What is this monstrosity in the photo above? Technically it’s a 24 input, 16 output Audiotronics mixing console from Ardent Studios in Memphis Tennessee. But for rock and roll geeks like me, it’s a magical machine. It was on display at the Rock and Soul Museum in Memphis when I visited a couple of years ago. A lot of great music went through this thing. So I had to take a picture of it.
Are you a Blues Fan? Albert Collins, Robert Cray and various permutations of the Vaughn Brothers plugged in and made records through this thing. Rock? How about Cheap Trick, Joe Walsh and Led Zeppelin? Country musicians Waylon Jennings, Tanya Tucker, Marty Stuart and Travis Tritt. Soul singers like Al Green, Isaac Hayes and The Staple Singers. Alt Rockers Big Star, The Replacements and The Cramps put their twangy vibes through this baby. Singer/Songwriters like John Hiatt, John Prine and (holy crap!) Bob Dylan put their voices and instruments through the thing. And great records came out on the other end. Isn’t that kind of cool?
It’s a little weird getting excited about a mixer, though, isn’t it? I’ve sat behind a few consoles in my time, but I still got a bit misty-eyed standing there and looking at this thing. It’s a big pile of metal and wires and knobs and potentiometers, a creaky analog machine for God’s sake, but the thought of all those musicians plugging into this thing one day and then you and I getting to listen to that music whenever we want now is kind of awesome.
In short, a lot of great music I’ve listened to (and still listen to) went through this board. Like I said, it’s a magic machine.
If you’ve ever visited or lived in San Diego, you’ve seen the Coronado Islands, which lie about twenty miles southwest of downtown, eight miles due west of Tijuana. I mention the islands in my second Rolly Waters novel, Border Field Blues, but the islands play a bigger role in Ballast Point Breakdown, specifically the ruins of a casino that was built on South Coronado Island in the 1930s.
The casino was a joint venture between American businessman Frederick W. Hamilton and Tijuana businessman Mariano Escobedo. It was named the Coronado Islands Yacht Club and provided both liquor and gambling facilities for guests.
Prohibition was repealed soon after the casino was built, and gambling was made illegal in Mexico. The casino shut down eighteen months after it opened. It re-opened the next year as a weekend getaway hotel, with an emphasis on fishing and hiking as attractions, and remained in business until 1944.
There’s less of the building remaining than I described in the novel (artistic license!), but you can still see the foundations of the old hotel on Google Maps.
Celebrity guests are said to have included Charlie Chaplin, Errol Flynn and Al Capone. As an interesting side note L Ron Hubbard, while serving as captain of the sub-chaser USS PC-815, gave orders to shell the Coronado Islands for target practice one day in June 1943. Mexican soldiers and officials stationed on the island lodged a complaint with the US Navy and Hubbard was relieved of his command as an “officer lacking in the essential qualities of judgment, leadership and cooperation.”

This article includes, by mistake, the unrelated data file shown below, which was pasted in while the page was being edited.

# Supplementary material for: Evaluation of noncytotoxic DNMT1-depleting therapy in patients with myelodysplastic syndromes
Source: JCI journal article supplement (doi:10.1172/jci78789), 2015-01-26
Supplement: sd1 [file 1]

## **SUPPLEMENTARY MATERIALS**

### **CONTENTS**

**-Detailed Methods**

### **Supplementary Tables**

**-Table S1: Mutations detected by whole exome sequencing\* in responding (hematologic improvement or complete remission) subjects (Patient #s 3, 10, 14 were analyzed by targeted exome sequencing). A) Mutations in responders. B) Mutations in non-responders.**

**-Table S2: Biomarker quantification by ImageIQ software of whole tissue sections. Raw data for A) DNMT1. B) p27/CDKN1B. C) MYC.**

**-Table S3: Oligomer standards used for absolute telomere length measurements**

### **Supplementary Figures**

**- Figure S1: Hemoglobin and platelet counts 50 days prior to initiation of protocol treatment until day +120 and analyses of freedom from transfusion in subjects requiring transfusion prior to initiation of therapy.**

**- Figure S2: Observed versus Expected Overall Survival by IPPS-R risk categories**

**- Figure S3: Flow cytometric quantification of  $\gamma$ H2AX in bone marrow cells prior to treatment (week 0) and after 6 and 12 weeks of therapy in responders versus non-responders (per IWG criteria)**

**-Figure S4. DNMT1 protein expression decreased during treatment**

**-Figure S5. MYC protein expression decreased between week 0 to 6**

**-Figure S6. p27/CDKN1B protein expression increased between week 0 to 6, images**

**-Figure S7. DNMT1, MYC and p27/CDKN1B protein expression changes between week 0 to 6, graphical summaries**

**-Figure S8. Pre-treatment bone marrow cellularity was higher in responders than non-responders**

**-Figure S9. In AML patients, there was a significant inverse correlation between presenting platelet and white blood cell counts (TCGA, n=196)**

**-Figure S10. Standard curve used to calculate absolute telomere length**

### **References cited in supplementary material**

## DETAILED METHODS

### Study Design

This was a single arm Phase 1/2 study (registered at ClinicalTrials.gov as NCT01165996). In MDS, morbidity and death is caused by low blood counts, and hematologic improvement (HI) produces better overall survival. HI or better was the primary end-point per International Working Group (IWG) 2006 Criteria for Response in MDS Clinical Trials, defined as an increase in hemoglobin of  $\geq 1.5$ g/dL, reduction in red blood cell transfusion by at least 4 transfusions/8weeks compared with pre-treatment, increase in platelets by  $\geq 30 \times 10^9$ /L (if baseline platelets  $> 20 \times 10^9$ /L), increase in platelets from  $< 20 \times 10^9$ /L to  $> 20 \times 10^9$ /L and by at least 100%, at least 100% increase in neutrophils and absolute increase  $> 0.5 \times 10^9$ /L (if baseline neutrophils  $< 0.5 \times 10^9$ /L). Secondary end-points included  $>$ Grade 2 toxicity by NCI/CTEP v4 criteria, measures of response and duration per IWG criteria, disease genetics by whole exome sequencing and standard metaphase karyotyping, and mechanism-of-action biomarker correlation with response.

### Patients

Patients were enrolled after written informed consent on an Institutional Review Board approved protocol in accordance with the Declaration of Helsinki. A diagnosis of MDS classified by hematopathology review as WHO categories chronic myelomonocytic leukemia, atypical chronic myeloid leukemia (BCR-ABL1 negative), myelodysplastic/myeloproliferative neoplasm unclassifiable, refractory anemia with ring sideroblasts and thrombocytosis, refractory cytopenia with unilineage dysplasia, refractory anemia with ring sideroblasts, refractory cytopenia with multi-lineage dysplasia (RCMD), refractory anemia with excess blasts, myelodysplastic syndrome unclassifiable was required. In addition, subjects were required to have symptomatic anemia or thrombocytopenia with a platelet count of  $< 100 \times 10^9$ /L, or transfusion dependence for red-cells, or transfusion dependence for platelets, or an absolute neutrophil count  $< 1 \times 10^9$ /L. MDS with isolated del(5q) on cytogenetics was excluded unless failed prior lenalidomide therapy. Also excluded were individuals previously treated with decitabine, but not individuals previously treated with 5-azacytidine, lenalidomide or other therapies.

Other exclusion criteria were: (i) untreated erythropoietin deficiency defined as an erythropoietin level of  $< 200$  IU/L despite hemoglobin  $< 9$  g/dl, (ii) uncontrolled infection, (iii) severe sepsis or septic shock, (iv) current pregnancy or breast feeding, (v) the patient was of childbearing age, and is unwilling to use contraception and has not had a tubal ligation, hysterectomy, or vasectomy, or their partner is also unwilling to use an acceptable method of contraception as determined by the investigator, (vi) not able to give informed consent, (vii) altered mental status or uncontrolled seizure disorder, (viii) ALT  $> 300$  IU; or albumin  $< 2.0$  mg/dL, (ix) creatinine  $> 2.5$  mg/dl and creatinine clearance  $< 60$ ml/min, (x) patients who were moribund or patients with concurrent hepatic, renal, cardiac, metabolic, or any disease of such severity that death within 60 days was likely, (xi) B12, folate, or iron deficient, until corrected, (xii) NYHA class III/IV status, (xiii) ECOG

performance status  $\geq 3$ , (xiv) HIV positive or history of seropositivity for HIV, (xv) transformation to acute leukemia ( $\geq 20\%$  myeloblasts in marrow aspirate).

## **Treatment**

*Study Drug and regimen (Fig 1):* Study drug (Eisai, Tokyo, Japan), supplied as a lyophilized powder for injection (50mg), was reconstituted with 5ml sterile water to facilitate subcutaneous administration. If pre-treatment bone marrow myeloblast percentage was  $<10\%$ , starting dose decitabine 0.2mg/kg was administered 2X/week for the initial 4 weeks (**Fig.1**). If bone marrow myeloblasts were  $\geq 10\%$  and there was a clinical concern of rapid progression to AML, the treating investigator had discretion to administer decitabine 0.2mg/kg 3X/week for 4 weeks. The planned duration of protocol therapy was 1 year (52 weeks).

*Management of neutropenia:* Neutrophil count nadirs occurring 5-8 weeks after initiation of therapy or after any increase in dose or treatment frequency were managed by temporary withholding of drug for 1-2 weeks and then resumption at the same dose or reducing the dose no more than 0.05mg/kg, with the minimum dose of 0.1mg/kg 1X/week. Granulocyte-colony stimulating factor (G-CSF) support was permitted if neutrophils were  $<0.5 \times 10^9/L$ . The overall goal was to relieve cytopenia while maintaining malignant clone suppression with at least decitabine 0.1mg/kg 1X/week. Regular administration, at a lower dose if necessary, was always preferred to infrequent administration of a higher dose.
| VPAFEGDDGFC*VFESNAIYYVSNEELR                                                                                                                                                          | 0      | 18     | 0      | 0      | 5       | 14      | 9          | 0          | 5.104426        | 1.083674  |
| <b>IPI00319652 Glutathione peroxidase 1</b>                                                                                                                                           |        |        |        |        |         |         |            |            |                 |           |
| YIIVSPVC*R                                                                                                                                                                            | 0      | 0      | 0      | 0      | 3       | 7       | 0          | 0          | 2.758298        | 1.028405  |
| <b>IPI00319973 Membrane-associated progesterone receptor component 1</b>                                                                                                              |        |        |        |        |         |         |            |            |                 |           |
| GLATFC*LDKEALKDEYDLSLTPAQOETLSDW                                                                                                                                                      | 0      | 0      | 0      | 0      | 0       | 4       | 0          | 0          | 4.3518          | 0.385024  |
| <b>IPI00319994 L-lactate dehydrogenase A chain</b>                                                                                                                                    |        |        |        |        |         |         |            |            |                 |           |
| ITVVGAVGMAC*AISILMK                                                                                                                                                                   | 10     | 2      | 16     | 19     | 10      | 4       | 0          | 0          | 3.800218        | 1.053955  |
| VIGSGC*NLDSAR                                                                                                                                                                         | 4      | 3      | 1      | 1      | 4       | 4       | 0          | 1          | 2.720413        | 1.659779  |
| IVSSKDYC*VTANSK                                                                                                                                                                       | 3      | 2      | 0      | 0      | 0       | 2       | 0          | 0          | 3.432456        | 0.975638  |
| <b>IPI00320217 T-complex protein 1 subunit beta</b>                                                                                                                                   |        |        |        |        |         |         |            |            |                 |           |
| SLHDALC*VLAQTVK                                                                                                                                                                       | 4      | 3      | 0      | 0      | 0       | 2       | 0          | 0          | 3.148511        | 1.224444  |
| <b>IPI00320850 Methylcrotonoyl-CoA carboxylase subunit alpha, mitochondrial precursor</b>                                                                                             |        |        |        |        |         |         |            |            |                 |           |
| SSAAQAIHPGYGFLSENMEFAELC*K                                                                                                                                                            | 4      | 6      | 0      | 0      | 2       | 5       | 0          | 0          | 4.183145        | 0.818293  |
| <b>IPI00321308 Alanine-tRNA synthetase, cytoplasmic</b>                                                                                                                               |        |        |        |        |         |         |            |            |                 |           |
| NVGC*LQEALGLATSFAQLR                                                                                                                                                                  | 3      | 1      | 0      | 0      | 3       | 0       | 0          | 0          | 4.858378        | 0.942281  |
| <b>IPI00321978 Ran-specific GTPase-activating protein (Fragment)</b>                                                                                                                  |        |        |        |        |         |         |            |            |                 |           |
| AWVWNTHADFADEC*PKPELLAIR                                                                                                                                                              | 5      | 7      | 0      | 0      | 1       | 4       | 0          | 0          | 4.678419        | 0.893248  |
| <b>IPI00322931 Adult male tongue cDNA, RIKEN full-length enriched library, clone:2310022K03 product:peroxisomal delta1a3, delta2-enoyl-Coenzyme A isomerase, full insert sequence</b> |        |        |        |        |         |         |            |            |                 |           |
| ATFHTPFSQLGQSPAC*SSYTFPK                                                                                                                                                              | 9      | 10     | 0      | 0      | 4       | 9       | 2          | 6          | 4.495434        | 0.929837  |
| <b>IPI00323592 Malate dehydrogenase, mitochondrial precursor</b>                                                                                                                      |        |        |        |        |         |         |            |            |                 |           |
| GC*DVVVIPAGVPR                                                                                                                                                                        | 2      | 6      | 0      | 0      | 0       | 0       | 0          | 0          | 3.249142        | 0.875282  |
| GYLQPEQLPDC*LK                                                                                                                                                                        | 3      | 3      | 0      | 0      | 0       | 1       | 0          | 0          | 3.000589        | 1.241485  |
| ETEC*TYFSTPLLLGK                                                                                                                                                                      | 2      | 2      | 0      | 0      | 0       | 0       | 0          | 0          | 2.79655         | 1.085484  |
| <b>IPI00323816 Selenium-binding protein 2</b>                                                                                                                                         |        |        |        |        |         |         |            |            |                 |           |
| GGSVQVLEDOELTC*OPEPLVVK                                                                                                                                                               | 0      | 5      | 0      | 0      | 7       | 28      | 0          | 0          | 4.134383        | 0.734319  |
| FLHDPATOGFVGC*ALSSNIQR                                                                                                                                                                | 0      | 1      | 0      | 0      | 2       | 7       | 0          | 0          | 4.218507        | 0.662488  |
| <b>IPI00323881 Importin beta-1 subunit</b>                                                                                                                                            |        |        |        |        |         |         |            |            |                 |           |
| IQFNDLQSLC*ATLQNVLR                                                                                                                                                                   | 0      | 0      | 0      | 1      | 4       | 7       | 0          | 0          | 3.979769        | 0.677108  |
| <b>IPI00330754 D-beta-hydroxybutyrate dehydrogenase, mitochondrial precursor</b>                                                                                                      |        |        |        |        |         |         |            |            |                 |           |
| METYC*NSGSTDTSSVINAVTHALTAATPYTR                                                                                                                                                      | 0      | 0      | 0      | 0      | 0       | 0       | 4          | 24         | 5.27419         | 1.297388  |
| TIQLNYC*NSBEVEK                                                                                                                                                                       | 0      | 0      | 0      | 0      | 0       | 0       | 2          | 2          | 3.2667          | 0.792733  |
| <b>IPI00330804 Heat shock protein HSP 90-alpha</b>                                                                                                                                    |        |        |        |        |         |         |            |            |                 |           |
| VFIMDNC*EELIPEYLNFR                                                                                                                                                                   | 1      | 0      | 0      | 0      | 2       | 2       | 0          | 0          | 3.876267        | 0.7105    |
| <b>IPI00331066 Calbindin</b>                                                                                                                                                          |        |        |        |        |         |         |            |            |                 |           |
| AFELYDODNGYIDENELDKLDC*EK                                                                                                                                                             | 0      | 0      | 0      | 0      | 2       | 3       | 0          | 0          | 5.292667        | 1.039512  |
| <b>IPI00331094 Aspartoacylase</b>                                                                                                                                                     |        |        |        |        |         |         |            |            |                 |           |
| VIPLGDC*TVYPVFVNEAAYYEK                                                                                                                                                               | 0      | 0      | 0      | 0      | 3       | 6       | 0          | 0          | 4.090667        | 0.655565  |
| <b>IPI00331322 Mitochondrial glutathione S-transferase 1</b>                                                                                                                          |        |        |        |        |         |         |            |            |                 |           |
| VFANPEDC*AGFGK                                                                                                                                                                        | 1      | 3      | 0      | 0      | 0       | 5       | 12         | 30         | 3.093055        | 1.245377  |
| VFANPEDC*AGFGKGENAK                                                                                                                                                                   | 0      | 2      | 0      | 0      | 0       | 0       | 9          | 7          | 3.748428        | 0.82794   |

The Preservation Hall Jazz Band has been around since the early 1960s, an outgrowth of the Preservation Hall venue in New Orleans. In its early incarnations, the band served as an essential employer for older New Orleans musicians and provided an important connection to the deep history of jazz in that city. When I was a kid way back when, my parents took me to one of their tour stops in San Diego. It was my first introduction to what’s now known as “trad” jazz.
Flash forward to 2015 and my first trip to New Orleans. My wife and I visited Preservation Hall and now it’s pretty much my favorite place in the world. Every time I go there it’s a religious experience, for both the music and the deep history. It’s the funkiest shrine you’ll ever find.
This was especially true for my first visit, when we were lucky enough to have what I’ll call the “A” team of the Preservation Hall Band on the stage. Aside from their stellar musicianship, what’s really fantastic about this group is the way they’ve updated the trad jazz at the heart of their sound with original compositions that incorporate more Afro-Cuban styles as well as a few modern jazz and funk inflections. Below is a great video concert (though not from Preservation Hall) that’s a great representation of their sound, mixing new and traditional.
Give any of the music above a listen. I guarantee it will light (and lighten) up your life.
The Black Publishing Power Initiative is asking readers to buy two books written by Black authors during the week of June 14 – 20. If you’re looking for ideas, here’s a few African-American crime writers I’ve read and can recommend. I’ve met most of these authors as well, and they’re all really cool people. So if you’d like to support this initiative and are looking for something new to read in crime fiction, buy a couple of their books (or all of them). In no particular order, here’s some writers I think you should check out:
There are, of course, many others. Below are some additional resources for discovering books by other crime writers of color.
- Crime Writers of Color
- Sisters in Crime – Frankie’s List
- Stop Your Killing Me – Diversity of Series Characters List
Spring becomes indigo in my neighborhood and other parts of San Diego when the Jacaranda trees bloom. They’re the official non-native tree of our city. Below are some photos of this year’s bloom.
I’m working on a historical mystery (working title The Donkey Boy’s Dilemma) set in San Diego in 1891. One chapter takes place in the 30 acre nursery Kate Sessions leased from the city in what is now Hillcrest. The first Brazilian pepper trees she imported and planted in San Diego provide a valuable clue. Now I’m thinking I might switch the tree to jacarandas (the clues would work either way, with a slight rewrite).